January 4, 2013

Charles Lane’s Jan. 1 op-ed column, “Big bloat on campus,” about costs at public universities, summarized parts of a recent Wall Street Journal article about the University of Minnesota. However, the column and article did not report that, despite stunning state disinvestment, the university is more productive than at any time in recent history. It serves nearly 9,000 more students than it did in 2000, and it has reduced the per capita cost of educating students by 13 percent. It has increased research grants and contracts by 40 percent. Private philanthropy has grown to record levels, and students at the Twin Cities campus are graduating at rates nearly 43 percent higher than they did 16 years ago.

Mr. Lane reported the Journal’s analysis of administrative hiring at the university without providing the proper context. Growth of research and attending to the myriad regulations associated with it, improving the student experience and managing complex technology all require staff who are classified as “administrative.” And many of those activities do benefit students directly. Nine percent of our budget is spent on administrative oversight, a level in line with many nonprofit organizations.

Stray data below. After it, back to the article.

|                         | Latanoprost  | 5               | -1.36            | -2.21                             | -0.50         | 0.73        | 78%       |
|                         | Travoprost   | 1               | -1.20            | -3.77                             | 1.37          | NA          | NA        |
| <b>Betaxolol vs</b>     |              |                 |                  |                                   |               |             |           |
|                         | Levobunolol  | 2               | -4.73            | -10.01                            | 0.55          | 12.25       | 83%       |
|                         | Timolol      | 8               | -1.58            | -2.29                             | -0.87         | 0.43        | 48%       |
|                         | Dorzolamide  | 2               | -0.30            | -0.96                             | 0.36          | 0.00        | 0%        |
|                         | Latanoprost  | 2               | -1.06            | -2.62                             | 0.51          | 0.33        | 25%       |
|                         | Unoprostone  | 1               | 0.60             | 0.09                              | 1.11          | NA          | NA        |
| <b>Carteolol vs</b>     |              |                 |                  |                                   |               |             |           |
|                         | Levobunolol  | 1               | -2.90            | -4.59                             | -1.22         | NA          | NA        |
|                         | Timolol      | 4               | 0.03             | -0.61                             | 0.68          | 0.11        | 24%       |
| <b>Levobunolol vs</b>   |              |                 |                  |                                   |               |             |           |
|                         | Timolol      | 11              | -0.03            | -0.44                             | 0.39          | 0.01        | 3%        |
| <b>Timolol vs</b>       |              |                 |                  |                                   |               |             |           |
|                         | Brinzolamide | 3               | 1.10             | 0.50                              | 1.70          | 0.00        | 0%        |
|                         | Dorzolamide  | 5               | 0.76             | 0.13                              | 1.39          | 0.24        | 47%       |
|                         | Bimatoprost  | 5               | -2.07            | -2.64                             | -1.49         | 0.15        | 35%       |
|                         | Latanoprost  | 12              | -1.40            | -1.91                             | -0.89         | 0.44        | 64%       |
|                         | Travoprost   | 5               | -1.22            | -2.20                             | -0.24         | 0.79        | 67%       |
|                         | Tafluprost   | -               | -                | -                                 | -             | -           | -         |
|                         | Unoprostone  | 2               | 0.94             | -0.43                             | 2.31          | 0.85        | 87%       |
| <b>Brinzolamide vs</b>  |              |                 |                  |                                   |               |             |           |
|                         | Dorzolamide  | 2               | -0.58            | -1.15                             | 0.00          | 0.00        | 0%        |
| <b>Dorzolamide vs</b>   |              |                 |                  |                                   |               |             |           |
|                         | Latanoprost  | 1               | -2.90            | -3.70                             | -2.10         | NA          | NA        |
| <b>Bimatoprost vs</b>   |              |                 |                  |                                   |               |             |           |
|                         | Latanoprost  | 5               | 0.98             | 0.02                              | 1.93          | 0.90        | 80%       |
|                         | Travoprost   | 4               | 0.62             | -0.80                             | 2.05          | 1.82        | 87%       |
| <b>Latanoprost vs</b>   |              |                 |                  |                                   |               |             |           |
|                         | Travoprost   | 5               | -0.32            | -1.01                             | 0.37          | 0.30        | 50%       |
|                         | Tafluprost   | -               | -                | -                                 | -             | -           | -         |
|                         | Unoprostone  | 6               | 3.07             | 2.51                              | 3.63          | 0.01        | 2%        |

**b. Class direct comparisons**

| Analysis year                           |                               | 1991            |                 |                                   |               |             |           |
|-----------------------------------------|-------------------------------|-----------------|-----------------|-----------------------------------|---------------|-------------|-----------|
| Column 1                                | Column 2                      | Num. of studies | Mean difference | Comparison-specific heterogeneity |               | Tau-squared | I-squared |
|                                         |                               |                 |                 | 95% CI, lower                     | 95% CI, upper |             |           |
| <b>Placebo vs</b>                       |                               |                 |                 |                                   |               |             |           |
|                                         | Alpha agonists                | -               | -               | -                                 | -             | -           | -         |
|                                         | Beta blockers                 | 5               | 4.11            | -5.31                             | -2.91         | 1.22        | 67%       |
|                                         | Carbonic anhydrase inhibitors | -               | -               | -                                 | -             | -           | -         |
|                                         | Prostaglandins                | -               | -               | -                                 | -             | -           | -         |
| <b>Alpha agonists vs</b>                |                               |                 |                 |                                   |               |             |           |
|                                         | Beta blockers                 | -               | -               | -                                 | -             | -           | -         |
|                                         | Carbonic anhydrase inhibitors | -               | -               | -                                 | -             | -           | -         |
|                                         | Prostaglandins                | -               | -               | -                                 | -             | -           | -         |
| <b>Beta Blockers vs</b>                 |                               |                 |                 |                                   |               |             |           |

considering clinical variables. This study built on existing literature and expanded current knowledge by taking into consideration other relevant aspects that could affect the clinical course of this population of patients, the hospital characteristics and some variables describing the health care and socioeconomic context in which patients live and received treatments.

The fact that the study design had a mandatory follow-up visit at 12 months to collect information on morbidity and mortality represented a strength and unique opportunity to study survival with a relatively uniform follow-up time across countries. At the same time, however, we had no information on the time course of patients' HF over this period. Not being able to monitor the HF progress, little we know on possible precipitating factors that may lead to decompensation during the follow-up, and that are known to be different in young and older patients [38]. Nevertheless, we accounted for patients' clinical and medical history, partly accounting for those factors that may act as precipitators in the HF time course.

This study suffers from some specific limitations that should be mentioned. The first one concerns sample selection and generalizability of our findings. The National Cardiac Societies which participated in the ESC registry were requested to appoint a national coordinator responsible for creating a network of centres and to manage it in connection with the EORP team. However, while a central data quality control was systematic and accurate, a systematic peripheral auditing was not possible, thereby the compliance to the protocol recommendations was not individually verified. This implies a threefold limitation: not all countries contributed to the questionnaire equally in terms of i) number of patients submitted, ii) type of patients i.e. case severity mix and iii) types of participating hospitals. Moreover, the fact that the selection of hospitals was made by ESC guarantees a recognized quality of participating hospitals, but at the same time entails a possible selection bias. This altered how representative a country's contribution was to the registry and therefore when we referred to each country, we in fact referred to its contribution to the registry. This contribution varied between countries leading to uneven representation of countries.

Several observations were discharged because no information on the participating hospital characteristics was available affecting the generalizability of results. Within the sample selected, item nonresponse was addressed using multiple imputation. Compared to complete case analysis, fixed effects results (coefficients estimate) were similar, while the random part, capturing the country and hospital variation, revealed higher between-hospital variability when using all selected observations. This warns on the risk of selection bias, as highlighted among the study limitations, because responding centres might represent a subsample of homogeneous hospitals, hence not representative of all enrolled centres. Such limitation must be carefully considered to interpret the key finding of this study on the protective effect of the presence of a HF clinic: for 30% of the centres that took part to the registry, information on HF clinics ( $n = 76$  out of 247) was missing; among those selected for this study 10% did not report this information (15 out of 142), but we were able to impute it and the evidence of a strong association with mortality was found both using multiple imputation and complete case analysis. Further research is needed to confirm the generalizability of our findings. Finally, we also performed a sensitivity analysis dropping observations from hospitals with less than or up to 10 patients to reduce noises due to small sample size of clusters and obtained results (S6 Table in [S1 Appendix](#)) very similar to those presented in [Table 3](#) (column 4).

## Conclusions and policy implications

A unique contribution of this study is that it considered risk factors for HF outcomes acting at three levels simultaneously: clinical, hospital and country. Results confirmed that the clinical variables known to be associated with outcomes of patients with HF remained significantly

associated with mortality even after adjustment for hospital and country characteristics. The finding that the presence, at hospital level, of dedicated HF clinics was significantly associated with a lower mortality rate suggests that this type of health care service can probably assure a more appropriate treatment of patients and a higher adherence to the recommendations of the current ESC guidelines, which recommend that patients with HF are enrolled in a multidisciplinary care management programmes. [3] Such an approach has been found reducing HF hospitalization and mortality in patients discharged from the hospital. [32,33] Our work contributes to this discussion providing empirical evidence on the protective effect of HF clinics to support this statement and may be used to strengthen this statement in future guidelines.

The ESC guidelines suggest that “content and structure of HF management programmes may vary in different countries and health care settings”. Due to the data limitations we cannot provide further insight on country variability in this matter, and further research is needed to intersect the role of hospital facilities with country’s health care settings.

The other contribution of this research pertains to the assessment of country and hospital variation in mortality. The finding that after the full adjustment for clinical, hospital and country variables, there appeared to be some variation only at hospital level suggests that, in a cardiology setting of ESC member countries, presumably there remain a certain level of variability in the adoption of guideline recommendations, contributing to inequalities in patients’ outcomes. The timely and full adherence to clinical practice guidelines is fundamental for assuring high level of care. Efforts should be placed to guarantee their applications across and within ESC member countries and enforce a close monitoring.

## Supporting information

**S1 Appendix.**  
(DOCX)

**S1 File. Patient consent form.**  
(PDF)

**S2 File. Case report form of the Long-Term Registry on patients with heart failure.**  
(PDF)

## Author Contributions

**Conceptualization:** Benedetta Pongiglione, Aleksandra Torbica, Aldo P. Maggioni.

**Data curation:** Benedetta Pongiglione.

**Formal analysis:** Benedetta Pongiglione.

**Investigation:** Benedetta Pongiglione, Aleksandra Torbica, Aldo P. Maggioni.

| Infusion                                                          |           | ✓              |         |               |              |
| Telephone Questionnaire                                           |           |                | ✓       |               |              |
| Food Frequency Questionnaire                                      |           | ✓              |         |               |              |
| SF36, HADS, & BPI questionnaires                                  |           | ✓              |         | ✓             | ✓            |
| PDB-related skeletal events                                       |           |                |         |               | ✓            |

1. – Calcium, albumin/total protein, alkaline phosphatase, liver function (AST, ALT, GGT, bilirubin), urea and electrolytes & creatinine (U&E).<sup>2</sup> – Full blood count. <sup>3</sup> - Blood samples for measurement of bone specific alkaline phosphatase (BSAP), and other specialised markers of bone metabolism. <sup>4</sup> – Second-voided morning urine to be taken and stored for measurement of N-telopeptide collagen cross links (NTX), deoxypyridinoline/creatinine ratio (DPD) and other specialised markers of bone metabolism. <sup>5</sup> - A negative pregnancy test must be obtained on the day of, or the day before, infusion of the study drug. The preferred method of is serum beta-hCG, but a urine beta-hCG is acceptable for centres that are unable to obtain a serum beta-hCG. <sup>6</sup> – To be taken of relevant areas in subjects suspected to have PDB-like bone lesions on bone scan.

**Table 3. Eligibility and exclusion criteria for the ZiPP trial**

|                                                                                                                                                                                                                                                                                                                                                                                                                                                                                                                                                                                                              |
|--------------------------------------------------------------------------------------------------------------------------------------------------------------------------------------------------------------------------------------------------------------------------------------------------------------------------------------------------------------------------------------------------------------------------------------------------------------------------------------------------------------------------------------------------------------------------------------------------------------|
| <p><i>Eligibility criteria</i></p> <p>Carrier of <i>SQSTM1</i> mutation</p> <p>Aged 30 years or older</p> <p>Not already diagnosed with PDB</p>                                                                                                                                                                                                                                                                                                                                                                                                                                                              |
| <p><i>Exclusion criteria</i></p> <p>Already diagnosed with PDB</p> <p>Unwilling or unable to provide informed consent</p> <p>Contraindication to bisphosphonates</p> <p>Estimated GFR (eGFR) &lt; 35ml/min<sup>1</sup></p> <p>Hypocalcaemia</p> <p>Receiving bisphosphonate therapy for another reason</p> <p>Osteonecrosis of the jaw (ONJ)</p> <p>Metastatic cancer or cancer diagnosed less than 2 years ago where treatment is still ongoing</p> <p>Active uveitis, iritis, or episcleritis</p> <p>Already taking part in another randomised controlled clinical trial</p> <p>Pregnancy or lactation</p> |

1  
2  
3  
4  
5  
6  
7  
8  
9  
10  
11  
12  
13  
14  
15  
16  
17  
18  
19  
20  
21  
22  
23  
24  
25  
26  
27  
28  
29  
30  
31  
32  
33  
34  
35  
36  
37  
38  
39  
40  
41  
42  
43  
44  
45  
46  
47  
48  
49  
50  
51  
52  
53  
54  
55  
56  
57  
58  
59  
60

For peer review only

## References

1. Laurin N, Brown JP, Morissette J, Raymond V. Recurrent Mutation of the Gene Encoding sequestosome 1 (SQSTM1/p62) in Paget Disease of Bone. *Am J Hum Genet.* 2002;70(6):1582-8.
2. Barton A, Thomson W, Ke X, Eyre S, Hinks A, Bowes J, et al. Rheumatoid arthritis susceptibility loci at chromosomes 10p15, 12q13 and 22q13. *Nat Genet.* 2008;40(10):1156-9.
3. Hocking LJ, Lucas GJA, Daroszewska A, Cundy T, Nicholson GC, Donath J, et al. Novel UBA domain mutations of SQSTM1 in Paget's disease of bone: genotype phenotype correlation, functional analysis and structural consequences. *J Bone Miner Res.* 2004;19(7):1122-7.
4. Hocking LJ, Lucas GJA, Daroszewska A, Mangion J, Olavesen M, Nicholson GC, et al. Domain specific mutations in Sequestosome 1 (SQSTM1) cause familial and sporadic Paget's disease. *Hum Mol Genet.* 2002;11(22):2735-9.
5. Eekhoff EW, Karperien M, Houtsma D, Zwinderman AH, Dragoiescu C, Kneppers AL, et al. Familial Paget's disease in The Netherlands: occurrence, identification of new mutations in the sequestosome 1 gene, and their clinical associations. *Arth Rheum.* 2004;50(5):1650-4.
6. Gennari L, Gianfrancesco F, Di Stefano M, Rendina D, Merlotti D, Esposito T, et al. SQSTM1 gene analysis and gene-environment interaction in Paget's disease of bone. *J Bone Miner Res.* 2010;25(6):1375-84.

Finally, Mr. Lane criticized a “vast new housing development” without mentioning that this 5,000-acre parcel will be mined for gravel for decades and redeveloped, yielding millions of dollars for the university.

I agree that reducing costs — including tuition — on U.S. campuses must be a priority as the shift away from state support of higher education continues. In addition, enormous change is under way at all institutions, driven by technology, shifting politics and an evolving economy. Addressing these challenges isn’t easy, particularly at large, decentralized research universities. Institutions must standardize operations to a much greater degree and apply lessons learned from business. Higher education also must be more accountable to policymakers, business partners and, most important, students and their families.

Since I became University of Minnesota president 18 months ago, reducing administrative costs has been a top priority. In my inaugural speech, I pledged to hold the line on these expenses, and we’ve made significant progress. We have eliminated two major administrative offices, saving more than $2.2 million annually. We were the first public higher education institution nationwide to move to Google applications — avoiding $15 million a year in technology costs. Finally, we kept tuition increases at a 12-year low of 3.5 percent last year and have made freezing undergraduate tuition at current rates for the next two years our highest priority.  

We know there is more work to do. There are tough choices ahead for all colleges and universities, but the conversation about tuition should be framed by facts in perspective and, in Minnesota’s case, in the context of the loss of nearly $140 million annually in state aid since 2008.

Eric W. Kaler, Minneapolis

The writer is president of the University of Minnesota.

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